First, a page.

Opposition from France and Italy doomed a European Union vote on Thursday to reauthorize the world’s most popular weedkiller, glyphosate, a decision that came hours after Arkansas regulators moved to ban an alternative weedkiller for much of 2018.
The decisions are a double blow to the agrochemical industry and particularly to the chemicals giant Monsanto. An appeals committee of European officials will convene this month, though, to weigh again whether to continue to allow glyphosate just weeks before its registration expires. The chemical is the main ingredient in Roundup, one of Monsanto’s flagships, but its patent has ended and it is now made by much of the industry.
The effort to reauthorize the weedkiller failed to receive a majority even though regulators were seeking only a five-year reauthorization instead of the typical 15, amid controversy and disputes about cancer risk that have made glyphosate’s future in Europe uncertain. Its approval in the region expires in mid-December.
The vote on Thursday, which was weighted based on the population of the various European Union member states, was nearly 37 percent in favor of renewing the chemical and a little over 32 percent against, with nearly 31 percent abstaining. France and Italy opposed the renewal; Spain was in favor, along with Britain, which is due to leave the union. Germany and Poland abstained.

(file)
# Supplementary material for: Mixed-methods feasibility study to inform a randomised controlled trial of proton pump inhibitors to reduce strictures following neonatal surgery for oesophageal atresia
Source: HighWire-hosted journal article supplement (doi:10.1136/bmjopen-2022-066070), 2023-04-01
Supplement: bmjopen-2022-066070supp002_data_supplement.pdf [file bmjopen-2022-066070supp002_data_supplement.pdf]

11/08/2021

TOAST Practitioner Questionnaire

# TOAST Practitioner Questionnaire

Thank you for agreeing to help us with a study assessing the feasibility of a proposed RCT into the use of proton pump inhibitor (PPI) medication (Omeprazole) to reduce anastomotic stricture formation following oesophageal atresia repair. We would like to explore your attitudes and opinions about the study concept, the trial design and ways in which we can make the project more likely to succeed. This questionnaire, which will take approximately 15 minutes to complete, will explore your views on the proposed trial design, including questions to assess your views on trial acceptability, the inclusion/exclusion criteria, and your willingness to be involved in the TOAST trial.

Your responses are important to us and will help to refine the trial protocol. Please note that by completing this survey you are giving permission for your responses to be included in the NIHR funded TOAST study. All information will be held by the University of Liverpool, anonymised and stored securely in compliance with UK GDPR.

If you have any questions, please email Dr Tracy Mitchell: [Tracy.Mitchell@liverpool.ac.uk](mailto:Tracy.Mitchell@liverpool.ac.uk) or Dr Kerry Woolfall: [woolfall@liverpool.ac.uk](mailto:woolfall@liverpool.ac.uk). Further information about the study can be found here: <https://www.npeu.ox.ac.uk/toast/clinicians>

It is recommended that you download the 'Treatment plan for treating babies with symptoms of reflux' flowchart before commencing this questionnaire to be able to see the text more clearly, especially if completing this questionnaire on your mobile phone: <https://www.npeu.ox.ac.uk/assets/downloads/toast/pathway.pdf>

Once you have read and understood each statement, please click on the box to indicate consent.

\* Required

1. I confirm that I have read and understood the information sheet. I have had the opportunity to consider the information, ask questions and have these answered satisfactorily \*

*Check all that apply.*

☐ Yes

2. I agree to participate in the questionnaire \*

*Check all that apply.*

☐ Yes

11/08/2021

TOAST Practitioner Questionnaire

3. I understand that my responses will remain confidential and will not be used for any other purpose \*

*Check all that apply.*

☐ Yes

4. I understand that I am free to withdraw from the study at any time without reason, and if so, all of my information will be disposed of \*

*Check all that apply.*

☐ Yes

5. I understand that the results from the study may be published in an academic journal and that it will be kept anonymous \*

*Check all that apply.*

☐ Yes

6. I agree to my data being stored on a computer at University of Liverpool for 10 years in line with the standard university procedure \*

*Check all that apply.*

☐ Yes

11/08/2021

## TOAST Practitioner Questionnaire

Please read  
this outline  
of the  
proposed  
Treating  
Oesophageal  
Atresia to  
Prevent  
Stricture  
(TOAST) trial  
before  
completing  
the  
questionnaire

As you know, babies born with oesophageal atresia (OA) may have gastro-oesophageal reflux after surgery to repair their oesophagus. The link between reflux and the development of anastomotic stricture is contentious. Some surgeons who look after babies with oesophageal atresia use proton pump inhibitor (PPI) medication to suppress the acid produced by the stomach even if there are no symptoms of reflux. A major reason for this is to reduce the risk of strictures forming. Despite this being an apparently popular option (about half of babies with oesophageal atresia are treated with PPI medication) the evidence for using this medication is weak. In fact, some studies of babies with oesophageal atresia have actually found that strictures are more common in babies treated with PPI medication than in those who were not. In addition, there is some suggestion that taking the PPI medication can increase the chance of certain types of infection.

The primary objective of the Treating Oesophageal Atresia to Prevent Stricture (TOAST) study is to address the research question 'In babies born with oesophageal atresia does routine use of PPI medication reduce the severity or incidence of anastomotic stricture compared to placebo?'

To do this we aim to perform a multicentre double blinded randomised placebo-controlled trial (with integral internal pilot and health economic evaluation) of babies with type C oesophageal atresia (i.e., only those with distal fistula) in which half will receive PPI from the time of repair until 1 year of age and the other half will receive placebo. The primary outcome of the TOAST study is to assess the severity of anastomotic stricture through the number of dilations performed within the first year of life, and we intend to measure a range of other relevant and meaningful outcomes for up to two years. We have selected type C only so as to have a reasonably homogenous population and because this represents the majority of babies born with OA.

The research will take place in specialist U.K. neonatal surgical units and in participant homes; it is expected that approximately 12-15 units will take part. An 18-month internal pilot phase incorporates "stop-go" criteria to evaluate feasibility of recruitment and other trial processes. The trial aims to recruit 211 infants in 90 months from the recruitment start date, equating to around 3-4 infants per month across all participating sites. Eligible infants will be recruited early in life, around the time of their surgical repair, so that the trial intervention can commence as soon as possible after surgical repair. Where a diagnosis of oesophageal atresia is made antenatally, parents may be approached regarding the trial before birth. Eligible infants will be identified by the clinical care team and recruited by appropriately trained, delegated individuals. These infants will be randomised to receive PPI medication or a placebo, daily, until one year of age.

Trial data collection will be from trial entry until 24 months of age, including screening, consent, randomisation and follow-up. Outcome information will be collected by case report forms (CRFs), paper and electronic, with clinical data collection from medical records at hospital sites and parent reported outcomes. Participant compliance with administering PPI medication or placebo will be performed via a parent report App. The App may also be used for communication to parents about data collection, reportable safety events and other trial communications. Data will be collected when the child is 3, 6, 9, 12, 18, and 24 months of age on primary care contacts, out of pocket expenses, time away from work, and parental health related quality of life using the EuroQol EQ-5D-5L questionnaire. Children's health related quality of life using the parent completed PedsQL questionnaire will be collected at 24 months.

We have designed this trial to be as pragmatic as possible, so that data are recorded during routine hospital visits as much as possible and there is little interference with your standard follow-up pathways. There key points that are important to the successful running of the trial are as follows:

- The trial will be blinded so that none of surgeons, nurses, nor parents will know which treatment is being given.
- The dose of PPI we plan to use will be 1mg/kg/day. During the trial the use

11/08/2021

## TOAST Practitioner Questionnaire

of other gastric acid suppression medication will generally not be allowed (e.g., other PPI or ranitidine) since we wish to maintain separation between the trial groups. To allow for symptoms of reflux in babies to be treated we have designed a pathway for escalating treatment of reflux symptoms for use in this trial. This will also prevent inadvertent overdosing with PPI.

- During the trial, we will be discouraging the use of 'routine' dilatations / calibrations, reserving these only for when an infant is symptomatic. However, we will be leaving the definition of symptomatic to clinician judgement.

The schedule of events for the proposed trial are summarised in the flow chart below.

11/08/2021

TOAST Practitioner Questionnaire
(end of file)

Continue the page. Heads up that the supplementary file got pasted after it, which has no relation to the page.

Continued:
In Arkansas, regulators voted on Wednesday to ban the use of another major weedkiller, dicamba, for more than six months of next year, including the summer, amid widespread reports of crop damage. Dicamba has been around for decades, but new versions have been developed by Monsanto, BASF and DuPont as an alternative to Roundup. The regulatory recommendation is now being sent to a state legislative panel.
Taken together, the decisions reflect an increasing political resistance to pesticides in Europe and parts of the United States, as well as the specific shortcomings of dicamba, whose tendency to drift has given pause even to the Trump administration’s Environmental Protection Agency, which has otherwise largely acceded to the wishes of the chemical industry. Dicamba has damaged more than 3.6 million acres of soybean crops in 25 states, roughly 4 percent of all soybeans planted this year in the United States.
In a statement, an industry trade group known as the Glyphosate Task Force, which includes Monsanto and Syngenta, called the European decision “discriminatory and unacceptable,” adding that “delays of this nature which are evident during the final stages of the process simply expose acute politicization of the regulatory procedure.”